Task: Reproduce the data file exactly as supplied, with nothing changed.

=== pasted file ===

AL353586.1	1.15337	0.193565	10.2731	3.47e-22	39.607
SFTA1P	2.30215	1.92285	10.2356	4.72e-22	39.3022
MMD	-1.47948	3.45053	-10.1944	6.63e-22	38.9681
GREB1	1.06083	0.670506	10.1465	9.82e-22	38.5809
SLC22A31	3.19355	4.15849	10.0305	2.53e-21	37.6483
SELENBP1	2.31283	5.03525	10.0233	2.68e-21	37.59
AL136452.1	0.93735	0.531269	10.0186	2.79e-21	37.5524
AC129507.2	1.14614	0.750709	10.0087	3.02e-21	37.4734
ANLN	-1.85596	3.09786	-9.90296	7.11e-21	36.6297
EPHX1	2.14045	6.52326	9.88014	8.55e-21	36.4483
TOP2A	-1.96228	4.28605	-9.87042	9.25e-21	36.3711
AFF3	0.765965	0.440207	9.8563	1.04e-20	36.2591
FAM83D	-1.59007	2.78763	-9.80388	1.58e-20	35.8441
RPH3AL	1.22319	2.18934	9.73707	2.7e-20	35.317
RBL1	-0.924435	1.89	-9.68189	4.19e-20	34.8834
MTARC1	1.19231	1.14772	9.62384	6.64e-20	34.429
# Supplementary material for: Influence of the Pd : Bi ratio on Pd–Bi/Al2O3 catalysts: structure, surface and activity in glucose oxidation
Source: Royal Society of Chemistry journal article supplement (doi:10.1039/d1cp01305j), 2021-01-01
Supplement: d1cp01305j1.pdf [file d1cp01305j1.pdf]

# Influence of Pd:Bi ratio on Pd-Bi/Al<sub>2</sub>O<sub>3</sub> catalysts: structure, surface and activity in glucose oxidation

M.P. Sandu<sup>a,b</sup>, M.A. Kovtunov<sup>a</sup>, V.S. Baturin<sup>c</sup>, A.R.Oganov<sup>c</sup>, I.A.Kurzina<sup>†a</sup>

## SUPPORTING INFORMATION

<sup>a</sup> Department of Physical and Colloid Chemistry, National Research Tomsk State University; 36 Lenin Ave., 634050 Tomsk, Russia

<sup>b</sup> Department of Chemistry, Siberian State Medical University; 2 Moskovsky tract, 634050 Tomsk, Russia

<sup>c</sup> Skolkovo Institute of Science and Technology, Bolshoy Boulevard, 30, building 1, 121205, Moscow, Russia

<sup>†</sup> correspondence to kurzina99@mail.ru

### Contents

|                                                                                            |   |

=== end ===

AL353586.1	1.15337	0.193565	10.2731	3.47e-22	39.607
SFTA1P	2.30215	1.92285	10.2356	4.72e-22	39.3022
MMD	-1.47948	3.45053	-10.1944	6.63e-22	38.9681
GREB1	1.06083	0.670506	10.1465	9.82e-22	38.5809
SLC22A31	3.19355	4.15849	10.0305	2.53e-21	37.6483
SELENBP1	2.31283	5.03525	10.0233	2.68e-21	37.59
AL136452.1	0.93735	0.531269	10.0186	2.79e-21	37.5524
AC129507.2	1.14614	0.750709	10.0087	3.02e-21	37.4734
ANLN	-1.85596	3.09786	-9.90296	7.11e-21	36.6297
EPHX1	2.14045	6.52326	9.88014	8.55e-21	36.4483
TOP2A	-1.96228	4.28605	-9.87042	9.25e-21	36.3711
AFF3	0.765965	0.440207	9.8563	1.04e-20	36.2591
FAM83D	-1.59007	2.78763	-9.80388	1.58e-20	35.8441
RPH3AL	1.22319	2.18934	9.73707	2.7e-20	35.317
RBL1	-0.924435	1.89	-9.68189	4.19e-20	34.8834
MTARC1	1.19231	1.14772	9.62384	6.64e-20	34.429
# Supplementary material for: Influence of the Pd : Bi ratio on Pd–Bi/Al2O3 catalysts: structure, surface and activity in glucose oxidation
Source: Royal Society of Chemistry journal article supplement (doi:10.1039/d1cp01305j), 2021-01-01
Supplement: d1cp01305j1.pdf [file d1cp01305j1.pdf]

# Influence of Pd:Bi ratio on Pd-Bi/Al<sub>2</sub>O<sub>3</sub> catalysts: structure, surface and activity in glucose oxidation

M.P. Sandu<sup>a,b</sup>, M.A. Kovtunov<sup>a</sup>, V.S. Baturin<sup>c</sup>, A.R.Oganov<sup>c</sup>, I.A.Kurzina<sup>†a</sup>

## SUPPORTING INFORMATION

<sup>a</sup> Department of Physical and Colloid Chemistry, National Research Tomsk State University; 36 Lenin Ave., 634050 Tomsk, Russia

<sup>b</sup> Department of Chemistry, Siberian State Medical University; 2 Moskovsky tract, 634050 Tomsk, Russia

<sup>c</sup> Skolkovo Institute of Science and Technology, Bolshoy Boulevard, 30, building 1, 121205, Moscow, Russia

<sup>†</sup> correspondence to kurzina99@mail.ru

### Contents

|                                                                                            |   |